Hack OH/IO 2018 — A Learning Adventure
In October of this year, 3 friends and I took a weekend off studying to lock ourselves in Ohio State’s Student Union for 24+hours of coding and mayhem. Over Breakfast, “It’s Not a Bug, It’s a Feature” (that was our team name) broke down our product idea into manageable chunks, so that each person could work where they felt drawn to. We were most pulled to the Microsoft Challenge, which was to create the “Best AI hack utilizing Azure Cognitive Services.” Our initial idea was to make an application that let you push a photo to Twitter, Facebook, and Instagram, first screening it for inappropriate content.
Jon Soldan quickly assumed the role of AI development, working closely with generous and patient mentors from Microsoft to become familiar with Azure offerings. Bofan Wu led the team in front end development, while Nathan Smith worked to connect the two edges of the project. My main role was leveraging the Social Media API and testing of the application.
Because the whole team was familiar with Java, and not Swift, we chose to create this as an Android App. We used Git (and Github) for version control, assuming that it would be easy to work simultaneously on the same code. However, we soon realized that we had far less working knowledge of Git than we had assumed. At first, I was beyond frustrated at “wasting time” solving merge conflicts and fixing other Git related problems when I could be producing “more meaningful work.” This seems to be part of the Hackathon experience though. What fun would it be if everything went according to plan? All the pain caused by version control not only saved our project from catastrophe several times over but empowered us with that invaluable experience.
Still, as the day (and then night) went on, we encountered more and more obstacles toward our goal. For one, 24+ hours is a long time to work on one project. Constraints to the project kept appearing, such as the time it takes to get API access to Twitter, and Instagram’s nonexistent API access.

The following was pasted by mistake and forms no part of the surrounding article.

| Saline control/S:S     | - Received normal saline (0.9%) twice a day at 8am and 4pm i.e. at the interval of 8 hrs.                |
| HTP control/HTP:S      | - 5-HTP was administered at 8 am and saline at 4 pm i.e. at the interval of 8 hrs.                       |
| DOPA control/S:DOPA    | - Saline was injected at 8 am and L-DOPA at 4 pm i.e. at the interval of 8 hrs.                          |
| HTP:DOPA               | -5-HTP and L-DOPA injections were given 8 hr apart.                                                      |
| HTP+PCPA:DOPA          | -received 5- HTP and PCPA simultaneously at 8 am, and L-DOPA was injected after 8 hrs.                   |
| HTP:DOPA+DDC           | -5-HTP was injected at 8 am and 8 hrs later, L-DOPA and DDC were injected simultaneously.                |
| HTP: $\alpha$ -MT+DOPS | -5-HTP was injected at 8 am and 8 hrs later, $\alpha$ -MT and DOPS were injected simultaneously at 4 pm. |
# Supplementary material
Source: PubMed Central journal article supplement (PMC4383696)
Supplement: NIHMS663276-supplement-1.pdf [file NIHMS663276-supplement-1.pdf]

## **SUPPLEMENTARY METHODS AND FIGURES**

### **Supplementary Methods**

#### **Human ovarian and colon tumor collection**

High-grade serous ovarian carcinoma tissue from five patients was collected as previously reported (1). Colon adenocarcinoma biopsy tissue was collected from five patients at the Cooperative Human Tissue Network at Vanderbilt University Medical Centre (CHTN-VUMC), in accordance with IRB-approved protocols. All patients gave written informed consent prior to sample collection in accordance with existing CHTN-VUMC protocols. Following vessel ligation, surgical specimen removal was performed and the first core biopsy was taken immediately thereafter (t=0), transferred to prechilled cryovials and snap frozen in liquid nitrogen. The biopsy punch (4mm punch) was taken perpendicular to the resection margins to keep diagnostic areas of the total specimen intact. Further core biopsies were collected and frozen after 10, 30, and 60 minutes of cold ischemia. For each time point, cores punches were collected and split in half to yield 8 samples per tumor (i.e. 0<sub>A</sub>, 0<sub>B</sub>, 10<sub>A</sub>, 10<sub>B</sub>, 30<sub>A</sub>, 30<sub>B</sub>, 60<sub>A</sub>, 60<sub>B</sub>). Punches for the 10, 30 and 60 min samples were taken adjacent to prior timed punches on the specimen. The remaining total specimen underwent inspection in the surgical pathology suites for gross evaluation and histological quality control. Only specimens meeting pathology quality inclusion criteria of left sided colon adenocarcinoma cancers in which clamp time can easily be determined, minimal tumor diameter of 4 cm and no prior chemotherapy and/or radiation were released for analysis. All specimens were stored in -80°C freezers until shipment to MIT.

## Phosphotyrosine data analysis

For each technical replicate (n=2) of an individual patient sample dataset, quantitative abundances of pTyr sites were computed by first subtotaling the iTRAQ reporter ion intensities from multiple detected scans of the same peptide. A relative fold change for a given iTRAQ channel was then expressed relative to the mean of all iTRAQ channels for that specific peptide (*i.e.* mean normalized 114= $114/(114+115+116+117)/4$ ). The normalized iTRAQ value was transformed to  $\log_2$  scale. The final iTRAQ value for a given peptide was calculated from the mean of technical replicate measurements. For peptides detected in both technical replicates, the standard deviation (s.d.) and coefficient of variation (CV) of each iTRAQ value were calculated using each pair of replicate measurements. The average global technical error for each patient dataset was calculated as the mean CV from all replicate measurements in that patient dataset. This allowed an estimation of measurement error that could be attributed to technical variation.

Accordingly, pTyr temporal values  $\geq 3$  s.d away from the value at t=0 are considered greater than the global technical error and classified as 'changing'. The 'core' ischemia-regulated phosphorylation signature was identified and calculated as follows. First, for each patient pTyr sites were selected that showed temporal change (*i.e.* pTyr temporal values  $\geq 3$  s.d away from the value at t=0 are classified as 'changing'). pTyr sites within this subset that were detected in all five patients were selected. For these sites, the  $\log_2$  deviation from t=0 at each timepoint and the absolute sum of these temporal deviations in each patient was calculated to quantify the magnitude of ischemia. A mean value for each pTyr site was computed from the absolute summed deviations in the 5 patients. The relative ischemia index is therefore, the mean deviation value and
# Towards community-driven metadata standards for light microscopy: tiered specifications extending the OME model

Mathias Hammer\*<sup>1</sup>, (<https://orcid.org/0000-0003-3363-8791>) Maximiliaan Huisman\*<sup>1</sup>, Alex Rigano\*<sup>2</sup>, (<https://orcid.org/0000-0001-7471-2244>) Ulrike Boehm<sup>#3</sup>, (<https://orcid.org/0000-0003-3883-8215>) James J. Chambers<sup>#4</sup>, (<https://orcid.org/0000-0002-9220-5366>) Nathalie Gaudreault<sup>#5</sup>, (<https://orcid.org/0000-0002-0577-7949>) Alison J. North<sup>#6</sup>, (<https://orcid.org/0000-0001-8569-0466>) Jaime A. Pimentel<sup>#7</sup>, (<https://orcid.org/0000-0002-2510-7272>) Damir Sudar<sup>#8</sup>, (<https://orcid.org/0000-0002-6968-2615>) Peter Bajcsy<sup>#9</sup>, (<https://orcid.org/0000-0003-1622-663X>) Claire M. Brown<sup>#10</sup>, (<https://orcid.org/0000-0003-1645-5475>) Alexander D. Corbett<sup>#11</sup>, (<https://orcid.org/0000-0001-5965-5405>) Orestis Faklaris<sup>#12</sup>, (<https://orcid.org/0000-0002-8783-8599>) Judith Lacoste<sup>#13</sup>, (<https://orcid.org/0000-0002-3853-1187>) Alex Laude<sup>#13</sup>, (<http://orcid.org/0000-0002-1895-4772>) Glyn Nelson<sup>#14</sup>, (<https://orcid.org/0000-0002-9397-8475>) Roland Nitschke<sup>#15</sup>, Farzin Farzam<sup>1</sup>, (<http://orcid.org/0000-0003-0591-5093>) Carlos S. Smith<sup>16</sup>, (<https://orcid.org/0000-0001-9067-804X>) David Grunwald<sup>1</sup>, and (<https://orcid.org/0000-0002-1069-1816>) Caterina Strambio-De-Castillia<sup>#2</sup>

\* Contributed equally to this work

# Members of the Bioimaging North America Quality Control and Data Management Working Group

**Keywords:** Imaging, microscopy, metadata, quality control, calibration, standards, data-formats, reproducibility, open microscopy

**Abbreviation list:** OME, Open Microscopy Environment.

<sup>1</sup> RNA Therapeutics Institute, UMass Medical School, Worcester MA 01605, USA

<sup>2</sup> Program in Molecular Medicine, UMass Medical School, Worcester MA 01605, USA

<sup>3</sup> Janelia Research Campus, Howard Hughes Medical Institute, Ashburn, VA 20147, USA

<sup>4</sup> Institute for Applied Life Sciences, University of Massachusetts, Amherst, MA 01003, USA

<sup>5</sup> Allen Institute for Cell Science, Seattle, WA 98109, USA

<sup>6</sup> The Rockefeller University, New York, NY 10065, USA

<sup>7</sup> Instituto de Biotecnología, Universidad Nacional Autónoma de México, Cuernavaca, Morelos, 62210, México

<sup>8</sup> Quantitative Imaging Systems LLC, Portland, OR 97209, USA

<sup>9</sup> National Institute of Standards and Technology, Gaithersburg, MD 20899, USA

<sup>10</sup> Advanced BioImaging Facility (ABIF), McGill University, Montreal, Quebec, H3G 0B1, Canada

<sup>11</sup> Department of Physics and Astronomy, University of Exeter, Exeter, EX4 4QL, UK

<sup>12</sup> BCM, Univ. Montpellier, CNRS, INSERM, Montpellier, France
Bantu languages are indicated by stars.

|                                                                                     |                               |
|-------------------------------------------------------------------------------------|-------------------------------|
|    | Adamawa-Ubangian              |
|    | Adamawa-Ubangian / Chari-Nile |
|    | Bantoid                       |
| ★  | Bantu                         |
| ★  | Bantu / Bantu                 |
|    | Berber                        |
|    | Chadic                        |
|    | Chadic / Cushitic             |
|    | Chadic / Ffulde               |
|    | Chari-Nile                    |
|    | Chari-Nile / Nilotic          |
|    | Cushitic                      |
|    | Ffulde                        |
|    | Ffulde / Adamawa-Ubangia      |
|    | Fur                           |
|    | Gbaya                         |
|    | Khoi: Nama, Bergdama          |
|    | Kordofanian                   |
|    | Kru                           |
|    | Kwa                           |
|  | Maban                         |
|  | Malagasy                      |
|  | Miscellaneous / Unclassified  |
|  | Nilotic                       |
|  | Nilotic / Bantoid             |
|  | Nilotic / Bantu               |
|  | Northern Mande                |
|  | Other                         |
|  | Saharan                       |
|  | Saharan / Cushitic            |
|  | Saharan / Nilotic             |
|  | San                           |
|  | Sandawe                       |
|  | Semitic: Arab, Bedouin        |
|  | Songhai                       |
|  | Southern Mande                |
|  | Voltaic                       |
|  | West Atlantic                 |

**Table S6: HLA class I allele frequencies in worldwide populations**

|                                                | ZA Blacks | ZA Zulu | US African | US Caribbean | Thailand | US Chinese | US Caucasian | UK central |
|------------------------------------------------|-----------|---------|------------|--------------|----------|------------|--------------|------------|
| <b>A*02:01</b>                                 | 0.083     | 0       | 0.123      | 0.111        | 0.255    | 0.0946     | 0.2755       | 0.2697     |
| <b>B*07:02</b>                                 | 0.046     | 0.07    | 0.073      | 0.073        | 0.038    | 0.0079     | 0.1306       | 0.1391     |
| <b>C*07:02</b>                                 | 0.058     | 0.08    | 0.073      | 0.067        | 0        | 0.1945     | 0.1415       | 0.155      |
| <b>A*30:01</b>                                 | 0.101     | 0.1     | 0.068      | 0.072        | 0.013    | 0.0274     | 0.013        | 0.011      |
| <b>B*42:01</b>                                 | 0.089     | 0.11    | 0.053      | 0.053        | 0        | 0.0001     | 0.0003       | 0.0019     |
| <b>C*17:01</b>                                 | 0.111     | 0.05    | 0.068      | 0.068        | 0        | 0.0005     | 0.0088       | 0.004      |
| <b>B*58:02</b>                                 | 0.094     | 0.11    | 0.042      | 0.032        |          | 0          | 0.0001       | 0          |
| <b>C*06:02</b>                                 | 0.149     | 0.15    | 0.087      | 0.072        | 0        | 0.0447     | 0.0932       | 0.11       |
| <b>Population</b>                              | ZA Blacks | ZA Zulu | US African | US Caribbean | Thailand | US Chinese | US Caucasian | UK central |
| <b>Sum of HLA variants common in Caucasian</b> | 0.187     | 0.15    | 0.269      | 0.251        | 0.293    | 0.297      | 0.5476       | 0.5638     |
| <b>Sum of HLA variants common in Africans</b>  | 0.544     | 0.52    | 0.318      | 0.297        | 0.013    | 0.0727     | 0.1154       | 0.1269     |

Originally, our app looked something like this.
Of course, we went with a dark theme. It’s simple, not elegant, and definitely MVP (minimum viable product). I pushed us to move quickly and minimally, as is called for in “The Lean Startup.” Iterating quickly, we were able to avoid wasting manpower on rabbit trails and find bugs quickly.
A huge example is this first iteration — When we realized we wouldn’t be able to implement Instagram and Twitter given the time constraint, we were able to just remove those buttons, before we had wasted time implementing their respective activities.
The challenge continued as we worked to allow the user to import or take a picture. Together, we learned to request files and camera permissions, and leverage that to get an image from the user. The Google Developer Docs were infinitely helpful for applying our Java knowledge to the Android ecosystem.
The next hurdle, of course, was to send the image through our backend, which picked and pulled countless data points from Azure Cognitive Services. Although we worked through the night, we ultimately hit a blocking point in connecting the front and back ends of our application. If we sent an image through our backend, it would successfully recognize nudity, alcohol, partying, and drugs, then return a probability rating. Separately, the user could take or upload an image, and send it to Facebook, via the Facebook app. Interfacing with Facebook took considerable time, as we did not find their documentation particularly intuitive. However, once we had everything completed, the transition to the Facebook app was incredibly natural.
Here, a bug in the screening is shown, where all images are flagged for nudity with a -1 error code
In the end, time became our greatest enemy. Although 24 hours felt like a long time, it was not enough to complete the user journey from image choice, to safety screen, to publishing. Separately, the safety screen worked with astounding accuracy. However, the App ended up only taking the user through image choice and posting. Our goal is to see the project to completion, and publish it to the play store! Regardless, we showed several sets of judges our unfinished product, describing our design process and choices. Although we did not win the Microsoft challenge, our app won the “Best New To Hackathon Award.” Also, we placed in the 96th percentile for teamwork, 91st for creativity, 89th for intuitiveness, and the 87th percentile overall. Hack OH/IO provided an incredible opportunity for growth, teamwork, and even networking! We all are looking forward to participating again next year.